Workers retire early at GM

16,500 UAW

March 04, 1993|By Los Angeles Times Staff Writer Ted Shelsby contributed to this article.

DETROIT -- About 16,500 hourly workers -- nearly double the number expected -- have taken an early retirement offer from General Motors, company and union officials said yesterday.

The program's wide acceptance gives a boost to the struggling automaker's efforts to trim its bloated work force. It also provides further evidence of a new cooperative spirit emerging between GM and the United Auto Workers union.

The early retirement plan, announced in December after negotiations between GM and the UAW, provides retirement incentives to workers 50 and older who have been with GM at least 10 years.

GM pushed for the early retirements as part of a larger plan to pare its work force by 74,000 -- including 54,000 union jobs -- by the mid-1990s. The offer came as a special fund providing laid-off workers with full pay was running out of money.

When the early retirement plan was announced, analysts and union officials estimated that 5,000 to 10,000 employees would take the buyout. Monday was the deadline for applying.

"It's fair to say that we are happy that the response was far more than we expected," a GM spokesman said.

In a statement, UAW Vice President Stephen P. Yokich said he was pleased with the program because it protects the income and health care benefits of retiring union workers. "We've said all along that the current agreement is a valuable instrument for solving problems in a mutually satisfactory way," he said.

The program allows workers ages 50 to 61 who have at least 10 years at GM to retire with full pension benefits, even if they get another job.

Those 62 and older are also eligible for $13,000 toward the purchase of a new U.S.-built GM car or truck. A $450 million transfer from a fund set aside for retraining workers will pay for the program.

At the GM van assembly plant in Southeast Baltimore, 260 workers took advantage of the automaker's special early retirement program, according to Rodney A. Trump, president of Local 239 of the United Auto Workers Union that represents the plant's hourly employees.

Mr. Trump said 44 workers left Feb. 1, and an additional 216 retired as of Monday. He said the bulk of the jobs have already been filled byworkers laid off at other GM plants, as part of an agreement with GM to shift laid-off workers at closed plants to viable operations when openings become available.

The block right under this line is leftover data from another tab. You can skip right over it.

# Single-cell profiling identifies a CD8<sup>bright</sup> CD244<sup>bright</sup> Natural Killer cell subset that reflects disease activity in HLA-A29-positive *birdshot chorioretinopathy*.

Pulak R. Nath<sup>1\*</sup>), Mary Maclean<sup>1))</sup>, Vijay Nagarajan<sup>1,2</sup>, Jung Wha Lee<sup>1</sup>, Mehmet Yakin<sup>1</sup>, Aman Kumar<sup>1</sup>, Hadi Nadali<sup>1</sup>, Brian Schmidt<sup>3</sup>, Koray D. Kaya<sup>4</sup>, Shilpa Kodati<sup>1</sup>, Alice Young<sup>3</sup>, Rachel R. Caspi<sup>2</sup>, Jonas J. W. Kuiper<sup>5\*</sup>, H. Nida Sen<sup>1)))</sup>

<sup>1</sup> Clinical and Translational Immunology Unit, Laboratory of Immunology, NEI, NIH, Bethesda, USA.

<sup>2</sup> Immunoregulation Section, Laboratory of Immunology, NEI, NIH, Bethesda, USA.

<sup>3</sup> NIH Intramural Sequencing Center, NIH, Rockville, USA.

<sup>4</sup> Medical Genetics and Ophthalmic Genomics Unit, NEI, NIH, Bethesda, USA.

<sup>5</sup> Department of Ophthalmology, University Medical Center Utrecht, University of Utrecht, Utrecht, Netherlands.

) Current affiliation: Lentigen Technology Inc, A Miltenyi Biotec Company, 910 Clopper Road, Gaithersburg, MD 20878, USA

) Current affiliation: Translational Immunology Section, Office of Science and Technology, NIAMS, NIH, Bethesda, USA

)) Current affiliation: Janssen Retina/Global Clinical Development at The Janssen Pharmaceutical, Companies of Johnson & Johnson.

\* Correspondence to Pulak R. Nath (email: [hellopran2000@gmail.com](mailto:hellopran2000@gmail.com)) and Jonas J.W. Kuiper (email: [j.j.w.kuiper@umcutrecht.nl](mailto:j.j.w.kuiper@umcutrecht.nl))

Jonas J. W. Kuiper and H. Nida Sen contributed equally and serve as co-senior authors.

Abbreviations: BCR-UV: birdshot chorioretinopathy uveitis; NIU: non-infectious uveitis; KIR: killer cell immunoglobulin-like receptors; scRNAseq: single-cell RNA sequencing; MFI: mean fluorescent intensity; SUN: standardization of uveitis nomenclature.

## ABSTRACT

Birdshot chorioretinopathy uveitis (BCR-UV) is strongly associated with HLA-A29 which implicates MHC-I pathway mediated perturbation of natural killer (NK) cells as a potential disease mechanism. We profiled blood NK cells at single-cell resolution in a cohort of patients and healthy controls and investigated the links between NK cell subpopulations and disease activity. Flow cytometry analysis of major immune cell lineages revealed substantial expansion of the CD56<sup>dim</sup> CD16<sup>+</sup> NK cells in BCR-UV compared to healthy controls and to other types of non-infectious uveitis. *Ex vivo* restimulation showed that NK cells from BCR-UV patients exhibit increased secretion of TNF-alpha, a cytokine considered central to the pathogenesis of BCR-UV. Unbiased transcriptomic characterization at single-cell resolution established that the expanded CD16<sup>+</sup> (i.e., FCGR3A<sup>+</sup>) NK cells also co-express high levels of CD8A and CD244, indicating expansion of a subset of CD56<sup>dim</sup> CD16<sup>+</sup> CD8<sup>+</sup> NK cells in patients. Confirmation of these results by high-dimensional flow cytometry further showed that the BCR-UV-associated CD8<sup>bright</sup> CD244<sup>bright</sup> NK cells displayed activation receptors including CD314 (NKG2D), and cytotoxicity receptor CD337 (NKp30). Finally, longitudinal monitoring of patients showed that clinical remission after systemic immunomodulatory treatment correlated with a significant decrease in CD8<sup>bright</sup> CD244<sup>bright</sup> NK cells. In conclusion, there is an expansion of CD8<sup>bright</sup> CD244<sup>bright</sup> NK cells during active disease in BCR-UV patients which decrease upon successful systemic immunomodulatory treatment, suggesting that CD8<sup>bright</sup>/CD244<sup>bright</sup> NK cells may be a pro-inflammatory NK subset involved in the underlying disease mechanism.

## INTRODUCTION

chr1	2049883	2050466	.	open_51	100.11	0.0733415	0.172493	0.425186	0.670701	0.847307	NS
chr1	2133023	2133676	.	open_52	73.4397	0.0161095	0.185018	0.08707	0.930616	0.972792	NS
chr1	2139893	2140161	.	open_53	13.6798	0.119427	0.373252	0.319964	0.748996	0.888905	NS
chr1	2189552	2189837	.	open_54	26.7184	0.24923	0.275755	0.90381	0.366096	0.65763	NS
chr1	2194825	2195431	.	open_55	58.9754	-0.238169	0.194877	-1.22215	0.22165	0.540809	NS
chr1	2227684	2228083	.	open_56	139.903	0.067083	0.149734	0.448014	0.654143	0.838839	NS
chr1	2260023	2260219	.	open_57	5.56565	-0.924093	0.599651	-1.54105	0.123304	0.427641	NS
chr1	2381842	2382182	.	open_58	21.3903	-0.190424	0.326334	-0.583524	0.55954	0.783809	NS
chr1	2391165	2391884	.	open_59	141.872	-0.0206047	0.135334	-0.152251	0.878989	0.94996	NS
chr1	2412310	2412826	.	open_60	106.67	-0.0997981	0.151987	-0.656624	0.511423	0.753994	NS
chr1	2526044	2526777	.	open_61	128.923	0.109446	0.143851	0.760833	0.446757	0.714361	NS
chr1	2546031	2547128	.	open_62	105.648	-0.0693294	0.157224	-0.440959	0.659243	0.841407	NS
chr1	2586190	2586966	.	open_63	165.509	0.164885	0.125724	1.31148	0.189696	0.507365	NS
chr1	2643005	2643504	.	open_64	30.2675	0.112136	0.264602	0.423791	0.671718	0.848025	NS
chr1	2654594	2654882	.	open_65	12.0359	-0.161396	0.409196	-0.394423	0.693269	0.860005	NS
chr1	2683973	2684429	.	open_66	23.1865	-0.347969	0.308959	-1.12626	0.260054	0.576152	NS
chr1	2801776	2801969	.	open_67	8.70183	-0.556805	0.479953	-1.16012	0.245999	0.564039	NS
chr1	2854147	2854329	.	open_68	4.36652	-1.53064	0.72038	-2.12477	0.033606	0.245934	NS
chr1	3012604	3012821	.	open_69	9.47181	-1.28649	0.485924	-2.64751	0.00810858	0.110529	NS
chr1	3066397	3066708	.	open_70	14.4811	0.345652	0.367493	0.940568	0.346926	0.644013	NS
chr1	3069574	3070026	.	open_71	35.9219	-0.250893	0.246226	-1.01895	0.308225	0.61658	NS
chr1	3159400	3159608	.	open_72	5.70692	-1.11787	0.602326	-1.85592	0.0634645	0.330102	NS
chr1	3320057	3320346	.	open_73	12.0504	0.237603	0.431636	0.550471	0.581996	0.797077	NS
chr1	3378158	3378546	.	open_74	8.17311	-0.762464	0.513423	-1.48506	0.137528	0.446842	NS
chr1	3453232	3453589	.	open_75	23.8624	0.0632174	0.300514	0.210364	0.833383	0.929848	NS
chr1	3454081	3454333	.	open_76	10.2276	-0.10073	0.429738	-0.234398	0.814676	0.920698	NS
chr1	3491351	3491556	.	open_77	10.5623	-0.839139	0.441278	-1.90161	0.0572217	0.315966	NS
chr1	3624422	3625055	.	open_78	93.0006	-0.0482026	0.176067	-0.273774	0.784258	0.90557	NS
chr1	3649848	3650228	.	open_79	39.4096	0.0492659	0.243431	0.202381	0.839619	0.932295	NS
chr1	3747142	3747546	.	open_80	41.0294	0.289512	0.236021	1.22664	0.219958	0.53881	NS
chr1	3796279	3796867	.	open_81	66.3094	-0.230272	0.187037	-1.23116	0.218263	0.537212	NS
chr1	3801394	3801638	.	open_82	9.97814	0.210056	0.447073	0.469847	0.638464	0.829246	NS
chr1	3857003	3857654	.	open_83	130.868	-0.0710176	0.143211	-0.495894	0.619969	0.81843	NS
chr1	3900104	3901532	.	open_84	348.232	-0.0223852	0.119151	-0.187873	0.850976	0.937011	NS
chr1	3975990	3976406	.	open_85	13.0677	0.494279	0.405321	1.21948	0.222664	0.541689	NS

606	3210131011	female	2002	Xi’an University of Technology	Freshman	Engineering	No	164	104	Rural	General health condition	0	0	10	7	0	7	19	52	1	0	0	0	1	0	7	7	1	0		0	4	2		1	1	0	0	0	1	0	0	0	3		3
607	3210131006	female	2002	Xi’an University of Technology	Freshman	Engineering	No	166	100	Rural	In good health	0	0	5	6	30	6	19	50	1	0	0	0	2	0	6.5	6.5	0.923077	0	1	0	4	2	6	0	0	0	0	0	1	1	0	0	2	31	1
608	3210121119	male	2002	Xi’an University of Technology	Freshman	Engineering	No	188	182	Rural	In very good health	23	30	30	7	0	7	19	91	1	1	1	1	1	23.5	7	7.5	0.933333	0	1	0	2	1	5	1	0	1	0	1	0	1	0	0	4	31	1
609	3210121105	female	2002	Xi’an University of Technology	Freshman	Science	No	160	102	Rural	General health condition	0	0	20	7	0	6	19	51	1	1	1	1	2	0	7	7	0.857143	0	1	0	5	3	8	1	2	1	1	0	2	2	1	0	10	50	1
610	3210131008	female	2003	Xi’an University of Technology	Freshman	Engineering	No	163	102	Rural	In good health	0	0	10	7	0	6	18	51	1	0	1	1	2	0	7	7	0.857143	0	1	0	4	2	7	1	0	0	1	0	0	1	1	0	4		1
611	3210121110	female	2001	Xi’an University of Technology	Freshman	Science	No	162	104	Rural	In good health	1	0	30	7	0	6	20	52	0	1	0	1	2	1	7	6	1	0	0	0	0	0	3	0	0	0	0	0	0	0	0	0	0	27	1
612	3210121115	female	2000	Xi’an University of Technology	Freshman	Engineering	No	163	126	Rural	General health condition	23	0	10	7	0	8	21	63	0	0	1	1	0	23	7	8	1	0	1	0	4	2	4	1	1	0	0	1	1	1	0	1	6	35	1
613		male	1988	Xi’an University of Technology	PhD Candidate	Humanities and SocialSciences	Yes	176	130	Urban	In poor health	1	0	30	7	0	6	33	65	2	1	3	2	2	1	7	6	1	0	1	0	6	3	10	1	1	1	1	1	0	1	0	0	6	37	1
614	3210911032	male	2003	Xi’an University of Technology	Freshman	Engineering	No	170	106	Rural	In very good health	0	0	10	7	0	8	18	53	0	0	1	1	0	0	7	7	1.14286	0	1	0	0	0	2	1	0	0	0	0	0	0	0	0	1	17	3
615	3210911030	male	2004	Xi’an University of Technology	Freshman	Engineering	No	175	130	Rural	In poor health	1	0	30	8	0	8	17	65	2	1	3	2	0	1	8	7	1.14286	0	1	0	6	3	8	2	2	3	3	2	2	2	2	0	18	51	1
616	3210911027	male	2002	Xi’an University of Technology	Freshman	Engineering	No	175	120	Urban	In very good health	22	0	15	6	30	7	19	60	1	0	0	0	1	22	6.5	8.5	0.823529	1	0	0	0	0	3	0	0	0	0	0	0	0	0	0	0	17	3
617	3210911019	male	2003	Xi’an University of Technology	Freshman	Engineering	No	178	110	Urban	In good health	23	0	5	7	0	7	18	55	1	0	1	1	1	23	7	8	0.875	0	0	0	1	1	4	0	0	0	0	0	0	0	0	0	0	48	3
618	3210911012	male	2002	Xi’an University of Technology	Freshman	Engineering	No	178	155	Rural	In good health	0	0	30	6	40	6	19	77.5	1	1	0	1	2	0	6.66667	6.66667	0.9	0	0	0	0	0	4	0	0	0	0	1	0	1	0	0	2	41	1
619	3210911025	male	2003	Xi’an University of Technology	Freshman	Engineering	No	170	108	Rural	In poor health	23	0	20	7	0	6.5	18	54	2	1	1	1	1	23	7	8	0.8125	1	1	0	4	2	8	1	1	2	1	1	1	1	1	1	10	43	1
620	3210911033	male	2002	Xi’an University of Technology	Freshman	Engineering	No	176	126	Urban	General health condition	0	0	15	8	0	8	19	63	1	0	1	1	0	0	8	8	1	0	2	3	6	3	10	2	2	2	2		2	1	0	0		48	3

"We've hired workers from GM plants in Van Nuys, Calif., Kansas City . . .," said Mr. Trump.

"We have people from 20 states and three countries." He said that 115 of the jobs were filled by temporary workers hired from the Baltimore area.

The early retirements could benefit some UAW members who until recently were in GM's "jobs bank," a $1.7 billion fund that provided them full pay even after their jobs were eliminated.

When that fund ran out of money Monday, the 20,200 jobs-bank workers were officially laid off. They are continuing to receive about 95 percent of their pay through a supplemental benefit program.

"We are hoping some of those people will be recalled," said UAW spokesman Reg McGhee. "We don't know how many at this point."

The job cuts come as the company is trying desperately to turn itself around -- particularly in North America, where GM has lost an estimated $12 billion in the last three years.

GM's goal is to turn a profit in North America in 1993. To do so, it will have to downsize considerably.

Last year, GM announced plans to close 23 plants, and its goal is to cut its hourly work force to 250,000 by the mid-1990s from 304,000 at the end of 1991. With the early retirements, the labor force has been reduced to 271,500.

GM has also cut its total salaried employees to 79,000 from 91,000 in 1991. The company has said it will cut 8,000 more white-collar jobs this year.

Baltimore Sun Articles
|
|
|
Please note the green-lined linked article text has been applied commercially without any involvement from our newsroom editors, reporters or any other editorial staff.